About Motivo Engineering
Motivo Engineering works with large corporates as well as startups in varying capacities from a consultant to a technology development partner building prototypes. The company focuses on accelerating technologies.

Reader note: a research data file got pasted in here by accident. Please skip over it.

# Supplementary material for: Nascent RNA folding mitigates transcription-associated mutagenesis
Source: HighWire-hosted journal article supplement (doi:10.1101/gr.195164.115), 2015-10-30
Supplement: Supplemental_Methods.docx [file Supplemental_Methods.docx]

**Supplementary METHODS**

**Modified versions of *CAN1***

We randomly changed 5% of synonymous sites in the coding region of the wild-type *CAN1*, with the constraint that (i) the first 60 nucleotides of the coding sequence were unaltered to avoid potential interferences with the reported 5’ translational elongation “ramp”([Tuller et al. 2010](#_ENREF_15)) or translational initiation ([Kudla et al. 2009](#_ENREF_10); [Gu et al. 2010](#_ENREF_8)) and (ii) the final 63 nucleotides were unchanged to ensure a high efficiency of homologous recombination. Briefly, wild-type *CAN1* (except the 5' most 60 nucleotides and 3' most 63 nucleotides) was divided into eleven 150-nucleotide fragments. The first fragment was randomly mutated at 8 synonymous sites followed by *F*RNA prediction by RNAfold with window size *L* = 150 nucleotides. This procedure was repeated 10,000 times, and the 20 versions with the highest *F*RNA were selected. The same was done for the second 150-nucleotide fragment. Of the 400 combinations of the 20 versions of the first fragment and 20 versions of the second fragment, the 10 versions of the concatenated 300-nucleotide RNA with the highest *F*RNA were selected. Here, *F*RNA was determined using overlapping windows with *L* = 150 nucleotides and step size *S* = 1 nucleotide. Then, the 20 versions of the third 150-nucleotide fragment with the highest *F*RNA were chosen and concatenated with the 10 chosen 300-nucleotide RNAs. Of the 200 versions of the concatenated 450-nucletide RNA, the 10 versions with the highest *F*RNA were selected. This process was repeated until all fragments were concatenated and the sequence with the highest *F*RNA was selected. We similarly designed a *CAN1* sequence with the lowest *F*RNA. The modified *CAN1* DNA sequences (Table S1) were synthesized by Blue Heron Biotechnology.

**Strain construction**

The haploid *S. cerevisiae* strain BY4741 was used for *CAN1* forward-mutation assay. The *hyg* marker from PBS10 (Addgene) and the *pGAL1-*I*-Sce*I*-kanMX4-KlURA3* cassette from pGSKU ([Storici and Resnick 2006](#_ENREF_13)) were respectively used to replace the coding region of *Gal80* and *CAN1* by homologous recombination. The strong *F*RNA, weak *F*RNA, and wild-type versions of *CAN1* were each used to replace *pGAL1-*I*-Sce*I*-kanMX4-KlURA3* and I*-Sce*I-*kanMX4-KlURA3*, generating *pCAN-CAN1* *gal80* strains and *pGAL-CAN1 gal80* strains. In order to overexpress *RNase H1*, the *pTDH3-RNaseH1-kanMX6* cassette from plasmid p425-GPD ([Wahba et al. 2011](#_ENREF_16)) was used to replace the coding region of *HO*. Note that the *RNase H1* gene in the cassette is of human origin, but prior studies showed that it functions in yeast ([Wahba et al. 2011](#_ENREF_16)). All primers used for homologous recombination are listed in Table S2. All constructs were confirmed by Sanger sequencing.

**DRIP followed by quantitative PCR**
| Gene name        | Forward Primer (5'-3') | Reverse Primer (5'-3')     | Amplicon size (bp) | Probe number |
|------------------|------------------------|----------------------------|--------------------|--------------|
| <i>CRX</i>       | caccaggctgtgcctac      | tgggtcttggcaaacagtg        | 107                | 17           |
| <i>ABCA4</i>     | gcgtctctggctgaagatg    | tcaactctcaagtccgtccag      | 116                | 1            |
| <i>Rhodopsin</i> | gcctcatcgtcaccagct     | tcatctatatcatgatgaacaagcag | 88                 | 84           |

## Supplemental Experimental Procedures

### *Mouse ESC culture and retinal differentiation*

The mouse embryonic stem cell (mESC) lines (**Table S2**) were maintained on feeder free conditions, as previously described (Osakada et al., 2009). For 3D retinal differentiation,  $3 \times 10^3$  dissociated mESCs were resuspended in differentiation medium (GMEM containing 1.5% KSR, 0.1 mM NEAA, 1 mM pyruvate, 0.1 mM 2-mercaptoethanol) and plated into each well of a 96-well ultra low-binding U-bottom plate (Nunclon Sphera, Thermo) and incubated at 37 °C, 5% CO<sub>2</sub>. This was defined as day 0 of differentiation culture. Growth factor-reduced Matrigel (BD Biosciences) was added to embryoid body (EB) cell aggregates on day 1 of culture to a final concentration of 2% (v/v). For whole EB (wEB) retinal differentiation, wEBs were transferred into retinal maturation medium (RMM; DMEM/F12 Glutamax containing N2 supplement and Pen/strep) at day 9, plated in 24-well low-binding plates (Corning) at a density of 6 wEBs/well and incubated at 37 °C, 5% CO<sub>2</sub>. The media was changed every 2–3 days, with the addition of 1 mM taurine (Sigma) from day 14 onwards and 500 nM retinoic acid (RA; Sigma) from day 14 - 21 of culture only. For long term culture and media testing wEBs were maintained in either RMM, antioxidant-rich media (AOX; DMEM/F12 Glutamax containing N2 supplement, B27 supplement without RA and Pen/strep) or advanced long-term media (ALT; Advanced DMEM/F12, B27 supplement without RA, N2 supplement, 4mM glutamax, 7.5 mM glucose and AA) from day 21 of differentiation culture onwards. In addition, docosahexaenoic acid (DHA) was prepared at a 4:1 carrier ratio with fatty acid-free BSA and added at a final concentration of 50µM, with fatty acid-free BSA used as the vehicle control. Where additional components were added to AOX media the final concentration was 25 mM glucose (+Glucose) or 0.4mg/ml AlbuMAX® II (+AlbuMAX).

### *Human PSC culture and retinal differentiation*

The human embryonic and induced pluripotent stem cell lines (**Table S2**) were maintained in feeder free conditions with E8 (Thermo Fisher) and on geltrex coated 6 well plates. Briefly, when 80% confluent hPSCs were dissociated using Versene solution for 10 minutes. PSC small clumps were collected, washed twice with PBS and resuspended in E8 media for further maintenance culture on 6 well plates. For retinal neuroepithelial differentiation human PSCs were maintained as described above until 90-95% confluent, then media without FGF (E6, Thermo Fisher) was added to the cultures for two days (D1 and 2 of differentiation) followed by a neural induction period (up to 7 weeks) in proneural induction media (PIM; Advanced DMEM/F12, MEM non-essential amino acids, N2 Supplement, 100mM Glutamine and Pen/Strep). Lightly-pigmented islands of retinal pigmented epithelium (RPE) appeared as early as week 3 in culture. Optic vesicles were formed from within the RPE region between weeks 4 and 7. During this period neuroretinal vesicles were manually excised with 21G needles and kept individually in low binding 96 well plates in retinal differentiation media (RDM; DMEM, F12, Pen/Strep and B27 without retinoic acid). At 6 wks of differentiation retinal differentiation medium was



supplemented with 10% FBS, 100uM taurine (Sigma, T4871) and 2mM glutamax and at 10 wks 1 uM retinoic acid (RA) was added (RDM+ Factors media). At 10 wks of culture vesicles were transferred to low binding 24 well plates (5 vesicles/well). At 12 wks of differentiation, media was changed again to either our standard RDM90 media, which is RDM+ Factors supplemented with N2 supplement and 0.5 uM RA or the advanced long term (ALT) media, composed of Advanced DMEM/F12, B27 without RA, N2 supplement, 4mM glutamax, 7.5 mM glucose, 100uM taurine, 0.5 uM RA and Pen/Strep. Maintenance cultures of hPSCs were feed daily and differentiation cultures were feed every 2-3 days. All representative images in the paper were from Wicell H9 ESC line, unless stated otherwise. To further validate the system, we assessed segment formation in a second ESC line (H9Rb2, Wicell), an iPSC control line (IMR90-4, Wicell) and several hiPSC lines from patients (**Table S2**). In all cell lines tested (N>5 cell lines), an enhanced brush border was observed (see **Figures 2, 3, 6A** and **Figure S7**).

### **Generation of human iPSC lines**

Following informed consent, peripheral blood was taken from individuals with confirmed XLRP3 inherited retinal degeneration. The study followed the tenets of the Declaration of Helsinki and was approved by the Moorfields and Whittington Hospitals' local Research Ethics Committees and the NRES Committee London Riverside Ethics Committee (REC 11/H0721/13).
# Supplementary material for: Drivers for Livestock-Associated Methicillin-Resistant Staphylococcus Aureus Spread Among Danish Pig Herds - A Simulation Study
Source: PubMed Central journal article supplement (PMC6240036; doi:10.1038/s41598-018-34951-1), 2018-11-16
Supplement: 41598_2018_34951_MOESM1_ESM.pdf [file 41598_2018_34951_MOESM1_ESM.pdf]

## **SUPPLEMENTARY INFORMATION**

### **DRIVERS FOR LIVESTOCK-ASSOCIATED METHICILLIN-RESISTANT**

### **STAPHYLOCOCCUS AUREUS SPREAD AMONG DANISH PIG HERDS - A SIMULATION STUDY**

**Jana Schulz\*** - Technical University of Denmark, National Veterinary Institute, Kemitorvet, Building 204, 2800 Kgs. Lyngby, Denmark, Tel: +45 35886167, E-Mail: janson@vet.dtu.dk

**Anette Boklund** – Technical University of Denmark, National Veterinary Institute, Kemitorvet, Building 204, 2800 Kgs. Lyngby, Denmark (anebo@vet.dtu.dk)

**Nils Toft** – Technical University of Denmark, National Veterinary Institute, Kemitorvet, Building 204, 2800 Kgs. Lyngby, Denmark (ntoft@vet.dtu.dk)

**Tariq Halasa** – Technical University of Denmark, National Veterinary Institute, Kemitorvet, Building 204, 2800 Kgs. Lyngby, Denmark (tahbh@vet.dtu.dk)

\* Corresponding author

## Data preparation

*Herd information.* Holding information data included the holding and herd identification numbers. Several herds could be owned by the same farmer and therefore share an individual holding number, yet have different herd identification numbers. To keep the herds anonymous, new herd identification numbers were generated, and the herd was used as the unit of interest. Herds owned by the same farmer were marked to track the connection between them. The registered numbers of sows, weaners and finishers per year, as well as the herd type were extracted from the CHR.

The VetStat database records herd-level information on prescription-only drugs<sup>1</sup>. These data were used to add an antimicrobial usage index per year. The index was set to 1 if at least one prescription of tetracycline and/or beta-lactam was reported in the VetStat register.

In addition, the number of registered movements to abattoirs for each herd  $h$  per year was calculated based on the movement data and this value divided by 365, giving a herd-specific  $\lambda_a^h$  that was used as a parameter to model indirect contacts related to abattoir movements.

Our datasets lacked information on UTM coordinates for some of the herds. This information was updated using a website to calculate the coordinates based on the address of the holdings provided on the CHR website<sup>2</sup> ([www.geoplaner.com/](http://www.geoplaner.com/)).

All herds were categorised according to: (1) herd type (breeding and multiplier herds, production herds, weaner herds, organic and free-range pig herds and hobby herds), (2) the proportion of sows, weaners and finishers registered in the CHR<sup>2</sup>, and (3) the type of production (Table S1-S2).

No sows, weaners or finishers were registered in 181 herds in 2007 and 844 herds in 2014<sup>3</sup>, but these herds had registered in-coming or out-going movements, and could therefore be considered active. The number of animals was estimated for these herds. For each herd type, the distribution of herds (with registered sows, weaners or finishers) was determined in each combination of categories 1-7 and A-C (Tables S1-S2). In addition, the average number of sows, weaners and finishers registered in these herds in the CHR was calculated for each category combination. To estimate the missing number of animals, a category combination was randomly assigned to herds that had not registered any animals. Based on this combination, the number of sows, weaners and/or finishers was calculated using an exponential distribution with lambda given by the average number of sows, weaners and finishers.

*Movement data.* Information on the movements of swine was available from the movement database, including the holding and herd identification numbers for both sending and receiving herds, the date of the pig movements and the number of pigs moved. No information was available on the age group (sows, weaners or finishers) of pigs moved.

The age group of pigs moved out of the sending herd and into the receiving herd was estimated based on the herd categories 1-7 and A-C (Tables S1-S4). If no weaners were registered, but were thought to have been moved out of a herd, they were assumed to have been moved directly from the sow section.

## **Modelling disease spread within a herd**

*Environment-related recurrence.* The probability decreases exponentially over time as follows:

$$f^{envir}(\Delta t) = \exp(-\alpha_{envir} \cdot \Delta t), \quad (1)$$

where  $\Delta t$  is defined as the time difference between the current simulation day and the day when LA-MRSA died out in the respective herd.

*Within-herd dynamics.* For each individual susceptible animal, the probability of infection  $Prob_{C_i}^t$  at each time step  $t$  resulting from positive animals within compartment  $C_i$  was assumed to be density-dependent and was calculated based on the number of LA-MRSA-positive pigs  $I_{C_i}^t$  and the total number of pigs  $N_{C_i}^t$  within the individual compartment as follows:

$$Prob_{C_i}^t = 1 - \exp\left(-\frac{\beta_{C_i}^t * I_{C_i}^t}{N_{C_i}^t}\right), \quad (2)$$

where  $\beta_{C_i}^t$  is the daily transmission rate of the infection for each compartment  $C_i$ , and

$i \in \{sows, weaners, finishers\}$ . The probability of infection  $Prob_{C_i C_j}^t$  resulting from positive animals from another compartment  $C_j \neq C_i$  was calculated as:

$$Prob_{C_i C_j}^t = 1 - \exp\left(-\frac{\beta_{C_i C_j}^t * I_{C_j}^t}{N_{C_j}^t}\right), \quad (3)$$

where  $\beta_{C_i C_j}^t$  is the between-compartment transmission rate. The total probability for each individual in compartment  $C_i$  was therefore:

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Latest Motivo Engineering News
Nov 16, 2022